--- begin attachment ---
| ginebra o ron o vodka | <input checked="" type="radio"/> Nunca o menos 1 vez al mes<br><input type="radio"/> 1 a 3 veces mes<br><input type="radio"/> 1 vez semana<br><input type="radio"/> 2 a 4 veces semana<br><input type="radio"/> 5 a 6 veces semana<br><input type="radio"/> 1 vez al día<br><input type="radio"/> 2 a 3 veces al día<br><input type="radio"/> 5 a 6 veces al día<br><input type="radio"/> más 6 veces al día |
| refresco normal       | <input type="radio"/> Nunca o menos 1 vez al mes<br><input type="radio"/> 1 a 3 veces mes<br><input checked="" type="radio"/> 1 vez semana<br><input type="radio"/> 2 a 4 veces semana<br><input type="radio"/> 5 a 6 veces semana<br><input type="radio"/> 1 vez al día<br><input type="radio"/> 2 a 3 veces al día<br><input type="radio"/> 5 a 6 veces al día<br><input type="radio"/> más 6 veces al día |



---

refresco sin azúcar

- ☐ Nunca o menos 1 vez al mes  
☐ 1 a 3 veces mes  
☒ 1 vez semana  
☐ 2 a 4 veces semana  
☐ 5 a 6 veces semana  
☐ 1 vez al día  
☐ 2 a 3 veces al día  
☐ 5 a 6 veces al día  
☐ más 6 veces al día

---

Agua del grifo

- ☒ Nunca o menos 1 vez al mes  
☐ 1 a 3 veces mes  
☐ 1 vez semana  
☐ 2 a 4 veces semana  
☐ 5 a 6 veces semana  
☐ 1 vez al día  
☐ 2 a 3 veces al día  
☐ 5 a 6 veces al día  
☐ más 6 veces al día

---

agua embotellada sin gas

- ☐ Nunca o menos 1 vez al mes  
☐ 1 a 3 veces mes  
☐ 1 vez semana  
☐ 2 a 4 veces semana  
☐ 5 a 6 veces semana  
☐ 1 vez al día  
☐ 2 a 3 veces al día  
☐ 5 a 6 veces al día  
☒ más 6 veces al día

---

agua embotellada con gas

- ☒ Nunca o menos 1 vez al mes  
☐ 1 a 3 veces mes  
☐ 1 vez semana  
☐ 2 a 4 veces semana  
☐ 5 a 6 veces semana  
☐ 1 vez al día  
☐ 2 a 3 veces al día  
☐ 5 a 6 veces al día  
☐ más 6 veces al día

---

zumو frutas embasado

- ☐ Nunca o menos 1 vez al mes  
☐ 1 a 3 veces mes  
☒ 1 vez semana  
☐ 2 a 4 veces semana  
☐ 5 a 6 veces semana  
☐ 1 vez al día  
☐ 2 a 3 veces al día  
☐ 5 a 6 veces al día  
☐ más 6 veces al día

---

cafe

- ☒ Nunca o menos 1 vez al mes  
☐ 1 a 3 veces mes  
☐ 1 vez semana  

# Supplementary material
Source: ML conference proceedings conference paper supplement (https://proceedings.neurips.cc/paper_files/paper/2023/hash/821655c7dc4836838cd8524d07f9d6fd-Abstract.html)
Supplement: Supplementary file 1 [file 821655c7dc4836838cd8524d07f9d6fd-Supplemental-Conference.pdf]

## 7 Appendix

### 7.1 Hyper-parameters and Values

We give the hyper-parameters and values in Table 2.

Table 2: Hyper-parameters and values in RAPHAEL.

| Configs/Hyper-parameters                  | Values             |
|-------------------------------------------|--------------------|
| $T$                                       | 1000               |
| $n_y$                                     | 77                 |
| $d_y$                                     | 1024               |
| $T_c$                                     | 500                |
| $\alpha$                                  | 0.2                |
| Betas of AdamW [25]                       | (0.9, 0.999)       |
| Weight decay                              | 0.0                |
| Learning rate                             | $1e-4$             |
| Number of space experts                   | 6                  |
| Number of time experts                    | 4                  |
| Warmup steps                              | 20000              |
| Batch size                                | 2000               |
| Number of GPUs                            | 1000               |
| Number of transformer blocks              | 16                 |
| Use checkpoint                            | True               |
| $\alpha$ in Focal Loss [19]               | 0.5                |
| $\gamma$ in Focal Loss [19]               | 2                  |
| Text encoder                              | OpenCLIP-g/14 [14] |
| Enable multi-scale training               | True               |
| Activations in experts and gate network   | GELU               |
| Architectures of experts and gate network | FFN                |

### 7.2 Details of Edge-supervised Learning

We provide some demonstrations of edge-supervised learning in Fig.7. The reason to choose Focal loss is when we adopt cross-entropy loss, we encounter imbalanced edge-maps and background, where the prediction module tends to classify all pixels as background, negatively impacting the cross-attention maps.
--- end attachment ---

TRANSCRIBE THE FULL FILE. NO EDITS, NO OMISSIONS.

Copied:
| ginebra o ron o vodka | <input checked="" type="radio"/> Nunca o menos 1 vez al mes<br><input type="radio"/> 1 a 3 veces mes<br><input type="radio"/> 1 vez semana<br><input type="radio"/> 2 a 4 veces semana<br><input type="radio"/> 5 a 6 veces semana<br><input type="radio"/> 1 vez al día<br><input type="radio"/> 2 a 3 veces al día<br><input type="radio"/> 5 a 6 veces al día<br><input type="radio"/> más 6 veces al día |
| refresco normal       | <input type="radio"/> Nunca o menos 1 vez al mes<br><input type="radio"/> 1 a 3 veces mes<br><input checked="" type="radio"/> 1 vez semana<br><input type="radio"/> 2 a 4 veces semana<br><input type="radio"/> 5 a 6 veces semana<br><input type="radio"/> 1 vez al día<br><input type="radio"/> 2 a 3 veces al día<br><input type="radio"/> 5 a 6 veces al día<br><input type="radio"/> más 6 veces al día |



---

refresco sin azúcar

- ☐ Nunca o menos 1 vez al mes  
☐ 1 a 3 veces mes  
☒ 1 vez semana  
☐ 2 a 4 veces semana  
☐ 5 a 6 veces semana  
☐ 1 vez al día  
☐ 2 a 3 veces al día  
☐ 5 a 6 veces al día  
☐ más 6 veces al día

---

Agua del grifo

- ☒ Nunca o menos 1 vez al mes  
☐ 1 a 3 veces mes  
☐ 1 vez semana  
☐ 2 a 4 veces semana  
☐ 5 a 6 veces semana  
☐ 1 vez al día  
☐ 2 a 3 veces al día  
☐ 5 a 6 veces al día  
☐ más 6 veces al día

---

agua embotellada sin gas

- ☐ Nunca o menos 1 vez al mes  
☐ 1 a 3 veces mes  
☐ 1 vez semana  
☐ 2 a 4 veces semana  
☐ 5 a 6 veces semana  
☐ 1 vez al día  
☐ 2 a 3 veces al día  
☐ 5 a 6 veces al día  
☒ más 6 veces al día

---

agua embotellada con gas

- ☒ Nunca o menos 1 vez al mes  
☐ 1 a 3 veces mes  
☐ 1 vez semana  
☐ 2 a 4 veces semana  
☐ 5 a 6 veces semana  
☐ 1 vez al día  
☐ 2 a 3 veces al día  
☐ 5 a 6 veces al día  
☐ más 6 veces al día

---

zumو frutas embasado

- ☐ Nunca o menos 1 vez al mes  
☐ 1 a 3 veces mes  
☒ 1 vez semana  
☐ 2 a 4 veces semana  
☐ 5 a 6 veces semana  
☐ 1 vez al día  
☐ 2 a 3 veces al día  
☐ 5 a 6 veces al día  
☐ más 6 veces al día

---

cafe

- ☒ Nunca o menos 1 vez al mes  
☐ 1 a 3 veces mes  
☐ 1 vez semana  

# Supplementary material
Source: ML conference proceedings conference paper supplement (https://proceedings.neurips.cc/paper_files/paper/2023/hash/821655c7dc4836838cd8524d07f9d6fd-Abstract.html)
Supplement: Supplementary file 1 [file 821655c7dc4836838cd8524d07f9d6fd-Supplemental-Conference.pdf]

## 7 Appendix

### 7.1 Hyper-parameters and Values

We give the hyper-parameters and values in Table 2.

Table 2: Hyper-parameters and values in RAPHAEL.

| Configs/Hyper-parameters                  | Values             |
|-------------------------------------------|--------------------|
| $T$                                       | 1000               |
| $n_y$                                     | 77                 |
| $d_y$                                     | 1024               |
| $T_c$                                     | 500                |
| $\alpha$                                  | 0.2                |
| Betas of AdamW [25]                       | (0.9, 0.999)       |
| Weight decay                              | 0.0                |
| Learning rate                             | $1e-4$             |
| Number of space experts                   | 6                  |
| Number of time experts                    | 4                  |
| Warmup steps                              | 20000              |
| Batch size                                | 2000               |
| Number of GPUs                            | 1000               |
| Number of transformer blocks              | 16                 |
| Use checkpoint                            | True               |
| $\alpha$ in Focal Loss [19]               | 0.5                |
| $\gamma$ in Focal Loss [19]               | 2                  |
| Text encoder                              | OpenCLIP-g/14 [14] |
| Enable multi-scale training               | True               |
| Activations in experts and gate network   | GELU               |
| Architectures of experts and gate network | FFN                |

### 7.2 Details of Edge-supervised Learning

We provide some demonstrations of edge-supervised learning in Fig.7. The reason to choose Focal loss is when we adopt cross-entropy loss, we encounter imbalanced edge-maps and background, where the prediction module tends to classify all pixels as background, negatively impacting the cross-attention maps.